Re: Fresnel: Lenses: summary and unsolved issues

From: Jacco van Ossenbruggen <>
Date: Mon, 25 Apr 2005 16:25:41 +0200

Emmanuel Pietriga wrote:

> 1. Jacco's wondering about the possibility to define lenses as
> refinments of other lenses. We do have such a mechanism. See section
> 5.2 Lens Inheritance [2]. Does this meet your needs?
Yes, this is what I meant. I missed section 5.2, sorry.
Technical question: why not use RDFS built-in semantics for inheritance
using subclass and subproperty hierarchies?
I assume you will have good reasons for it - just wondering.

> 2. How do we resolve conflicts between different lenses that apply to
> the same instance? This is indeed still underspecified, and we need to
> work on this.

Related thought (Lloyd deserves the credits): you could view fresnel
lens and style info as "just" another type of metadata, which you can
attach to any web resource like other RDF. Note that currenty, the lens
specifies to what instances (say, instances of foaf:Person) it applies
by attaching a fresnel:lensDomain property to the lens. You could also
imagine you attach a fresnel:lens property to the foaf:Person class to
specify a suitable lens. This would also allow use of rdfs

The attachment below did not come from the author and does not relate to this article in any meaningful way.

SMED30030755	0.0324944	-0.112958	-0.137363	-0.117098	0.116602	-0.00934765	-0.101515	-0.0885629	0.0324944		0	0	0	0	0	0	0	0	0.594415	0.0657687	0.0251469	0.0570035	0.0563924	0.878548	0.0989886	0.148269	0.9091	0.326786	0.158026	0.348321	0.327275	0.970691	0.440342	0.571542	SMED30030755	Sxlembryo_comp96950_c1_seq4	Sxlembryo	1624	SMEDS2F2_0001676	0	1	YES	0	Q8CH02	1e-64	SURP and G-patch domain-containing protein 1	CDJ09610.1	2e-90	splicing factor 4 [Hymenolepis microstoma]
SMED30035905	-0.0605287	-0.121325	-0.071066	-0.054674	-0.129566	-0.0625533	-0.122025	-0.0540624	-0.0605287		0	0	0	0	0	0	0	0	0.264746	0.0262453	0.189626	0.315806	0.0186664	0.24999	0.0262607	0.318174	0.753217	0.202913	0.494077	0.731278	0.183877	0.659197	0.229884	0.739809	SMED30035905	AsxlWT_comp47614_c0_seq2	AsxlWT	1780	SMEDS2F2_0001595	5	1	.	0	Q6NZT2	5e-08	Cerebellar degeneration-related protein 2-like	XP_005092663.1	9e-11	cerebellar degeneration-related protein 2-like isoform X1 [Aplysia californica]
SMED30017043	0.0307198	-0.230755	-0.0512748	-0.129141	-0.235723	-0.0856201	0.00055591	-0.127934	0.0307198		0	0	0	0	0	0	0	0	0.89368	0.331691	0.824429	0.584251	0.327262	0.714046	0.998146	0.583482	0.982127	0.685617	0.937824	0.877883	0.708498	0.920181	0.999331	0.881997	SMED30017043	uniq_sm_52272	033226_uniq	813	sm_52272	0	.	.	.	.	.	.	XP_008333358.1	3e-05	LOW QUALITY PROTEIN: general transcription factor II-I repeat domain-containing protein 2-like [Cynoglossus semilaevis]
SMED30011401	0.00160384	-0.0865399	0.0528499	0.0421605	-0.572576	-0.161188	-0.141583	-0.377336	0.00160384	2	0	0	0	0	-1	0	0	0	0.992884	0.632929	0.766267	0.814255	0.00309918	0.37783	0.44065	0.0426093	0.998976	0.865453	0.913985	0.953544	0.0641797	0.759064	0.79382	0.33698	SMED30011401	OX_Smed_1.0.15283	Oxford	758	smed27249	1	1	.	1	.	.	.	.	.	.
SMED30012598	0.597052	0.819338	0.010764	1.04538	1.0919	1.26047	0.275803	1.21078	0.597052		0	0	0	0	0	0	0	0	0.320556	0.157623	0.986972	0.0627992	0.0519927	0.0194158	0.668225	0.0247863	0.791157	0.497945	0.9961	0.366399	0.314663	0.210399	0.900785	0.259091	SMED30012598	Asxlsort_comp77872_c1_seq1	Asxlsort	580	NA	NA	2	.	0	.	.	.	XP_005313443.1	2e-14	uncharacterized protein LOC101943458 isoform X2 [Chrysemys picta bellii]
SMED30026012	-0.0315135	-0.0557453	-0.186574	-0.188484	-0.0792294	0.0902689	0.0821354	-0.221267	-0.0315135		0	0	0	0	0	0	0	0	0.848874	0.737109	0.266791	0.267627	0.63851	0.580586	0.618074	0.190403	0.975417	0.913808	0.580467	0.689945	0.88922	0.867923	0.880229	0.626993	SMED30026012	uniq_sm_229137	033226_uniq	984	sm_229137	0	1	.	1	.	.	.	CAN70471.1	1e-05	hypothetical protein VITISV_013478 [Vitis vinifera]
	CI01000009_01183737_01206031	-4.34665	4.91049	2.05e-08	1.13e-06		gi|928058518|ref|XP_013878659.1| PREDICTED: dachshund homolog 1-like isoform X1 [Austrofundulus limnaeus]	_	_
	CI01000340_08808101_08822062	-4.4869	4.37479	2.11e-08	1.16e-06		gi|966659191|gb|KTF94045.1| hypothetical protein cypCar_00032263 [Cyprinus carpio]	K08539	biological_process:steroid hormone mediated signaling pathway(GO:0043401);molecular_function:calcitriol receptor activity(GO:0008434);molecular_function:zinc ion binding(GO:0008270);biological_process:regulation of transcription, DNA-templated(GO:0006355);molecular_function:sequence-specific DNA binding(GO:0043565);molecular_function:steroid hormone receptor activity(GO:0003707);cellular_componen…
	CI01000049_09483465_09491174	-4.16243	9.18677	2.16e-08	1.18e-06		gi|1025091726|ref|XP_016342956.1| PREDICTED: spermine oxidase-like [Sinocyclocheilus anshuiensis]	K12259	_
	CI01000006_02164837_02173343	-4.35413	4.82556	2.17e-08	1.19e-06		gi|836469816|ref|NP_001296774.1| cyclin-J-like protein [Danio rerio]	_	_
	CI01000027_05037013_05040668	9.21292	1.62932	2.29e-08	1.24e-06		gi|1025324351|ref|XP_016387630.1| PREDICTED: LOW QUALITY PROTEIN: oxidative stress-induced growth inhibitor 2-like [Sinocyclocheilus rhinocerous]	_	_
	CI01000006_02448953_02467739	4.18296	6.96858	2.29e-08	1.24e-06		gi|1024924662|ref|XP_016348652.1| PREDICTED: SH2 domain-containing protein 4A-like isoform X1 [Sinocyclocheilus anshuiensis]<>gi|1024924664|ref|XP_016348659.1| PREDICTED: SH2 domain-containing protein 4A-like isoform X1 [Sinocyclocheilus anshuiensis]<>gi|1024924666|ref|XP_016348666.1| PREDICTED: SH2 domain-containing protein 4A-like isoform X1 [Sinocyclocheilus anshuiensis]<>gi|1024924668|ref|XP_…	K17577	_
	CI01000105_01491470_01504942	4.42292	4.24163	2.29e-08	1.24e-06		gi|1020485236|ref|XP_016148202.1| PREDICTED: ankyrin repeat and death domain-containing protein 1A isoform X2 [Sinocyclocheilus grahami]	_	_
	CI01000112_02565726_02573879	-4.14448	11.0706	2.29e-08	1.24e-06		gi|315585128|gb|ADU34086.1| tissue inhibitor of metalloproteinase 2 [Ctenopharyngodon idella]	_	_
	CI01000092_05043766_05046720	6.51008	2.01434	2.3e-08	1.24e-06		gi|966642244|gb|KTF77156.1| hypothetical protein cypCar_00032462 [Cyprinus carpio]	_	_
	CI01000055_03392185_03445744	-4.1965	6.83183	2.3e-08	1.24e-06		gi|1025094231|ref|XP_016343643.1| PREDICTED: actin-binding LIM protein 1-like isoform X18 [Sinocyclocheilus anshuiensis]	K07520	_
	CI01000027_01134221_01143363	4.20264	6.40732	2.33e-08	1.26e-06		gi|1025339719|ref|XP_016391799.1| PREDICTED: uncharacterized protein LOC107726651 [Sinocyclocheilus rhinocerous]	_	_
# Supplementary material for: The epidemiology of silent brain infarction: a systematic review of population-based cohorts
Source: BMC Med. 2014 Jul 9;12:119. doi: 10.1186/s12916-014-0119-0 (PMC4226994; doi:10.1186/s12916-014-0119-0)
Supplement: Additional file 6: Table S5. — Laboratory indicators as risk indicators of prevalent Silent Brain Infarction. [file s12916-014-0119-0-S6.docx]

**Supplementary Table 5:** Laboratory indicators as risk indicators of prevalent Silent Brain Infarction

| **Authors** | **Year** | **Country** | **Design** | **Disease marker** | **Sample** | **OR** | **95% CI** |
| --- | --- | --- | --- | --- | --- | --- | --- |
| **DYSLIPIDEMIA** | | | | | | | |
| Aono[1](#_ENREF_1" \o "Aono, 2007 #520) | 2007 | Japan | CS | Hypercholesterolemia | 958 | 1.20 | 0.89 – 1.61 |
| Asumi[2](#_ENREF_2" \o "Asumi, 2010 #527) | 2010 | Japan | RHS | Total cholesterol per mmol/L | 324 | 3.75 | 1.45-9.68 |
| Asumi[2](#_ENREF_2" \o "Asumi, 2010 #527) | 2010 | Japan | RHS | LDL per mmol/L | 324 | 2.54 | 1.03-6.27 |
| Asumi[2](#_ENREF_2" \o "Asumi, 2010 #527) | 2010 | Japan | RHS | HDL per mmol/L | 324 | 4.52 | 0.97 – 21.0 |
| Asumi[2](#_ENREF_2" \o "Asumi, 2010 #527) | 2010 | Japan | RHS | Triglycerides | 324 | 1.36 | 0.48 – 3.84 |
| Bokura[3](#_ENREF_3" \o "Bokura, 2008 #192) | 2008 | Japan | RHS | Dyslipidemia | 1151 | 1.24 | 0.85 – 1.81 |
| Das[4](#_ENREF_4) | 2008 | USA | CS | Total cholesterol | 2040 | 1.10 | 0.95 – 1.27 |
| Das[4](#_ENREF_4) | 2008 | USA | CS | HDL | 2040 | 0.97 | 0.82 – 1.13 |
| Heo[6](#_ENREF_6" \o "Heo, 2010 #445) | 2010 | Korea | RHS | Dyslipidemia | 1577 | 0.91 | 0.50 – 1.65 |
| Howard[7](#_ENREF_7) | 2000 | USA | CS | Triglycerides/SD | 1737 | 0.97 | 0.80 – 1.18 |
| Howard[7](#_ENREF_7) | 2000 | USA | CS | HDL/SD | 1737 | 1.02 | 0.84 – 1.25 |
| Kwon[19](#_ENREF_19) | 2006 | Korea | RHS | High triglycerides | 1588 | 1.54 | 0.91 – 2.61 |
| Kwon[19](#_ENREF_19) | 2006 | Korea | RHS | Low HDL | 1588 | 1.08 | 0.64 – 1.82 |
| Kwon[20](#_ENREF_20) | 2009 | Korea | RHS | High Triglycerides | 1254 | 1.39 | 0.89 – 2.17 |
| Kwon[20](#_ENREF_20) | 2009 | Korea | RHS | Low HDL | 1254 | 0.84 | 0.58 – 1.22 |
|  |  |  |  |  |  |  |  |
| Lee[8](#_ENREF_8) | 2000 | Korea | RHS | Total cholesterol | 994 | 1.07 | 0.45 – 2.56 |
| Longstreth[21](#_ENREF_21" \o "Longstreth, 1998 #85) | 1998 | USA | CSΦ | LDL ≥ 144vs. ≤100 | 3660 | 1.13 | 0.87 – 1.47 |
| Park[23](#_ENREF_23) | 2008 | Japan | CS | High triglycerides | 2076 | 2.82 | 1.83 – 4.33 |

subclass/subproperty inheritance: instances of subclasses of foaf:Person
would inherit the lens, and a subproperty of fresnel:lens, say,
fresnel:defaultLens, would return a valid result even when foaf:Person
is queried only on fresnel:lens.

Where the current approach is similar to a CSS style rule that uses a
selector to specify to which HTML classes it applies, the other approach
would be similar to, for example, an HTML element that defines its own
style. But thanks to the properties of RDF, without many of the
drawbacks of the HTML case!

In HTML, this approach is a maintance problem because it becomes hard to
change the style when it is defined inline in the HTML source. But in
RDF, the direction of the property does not have any relation with the
files in which the property is specified. For example, the triple that
relates the foaf:Person class with the fresnel lens does not need to be
in the same file as the definition of foaf:Person or the lens.

A second drawback of the inline HTML approach is that you need to
duplicate the same style specification into every element that uses it.
But in RDFS, you can make use of the instance/class relation (a style
defined on the class level applies to all instances) and of the subclass
hierarchy (a style defined on the class is inherited by the subclasses).

Comments welcome,

Received on Mon Apr 25 2005 - 14:24:52 EDT

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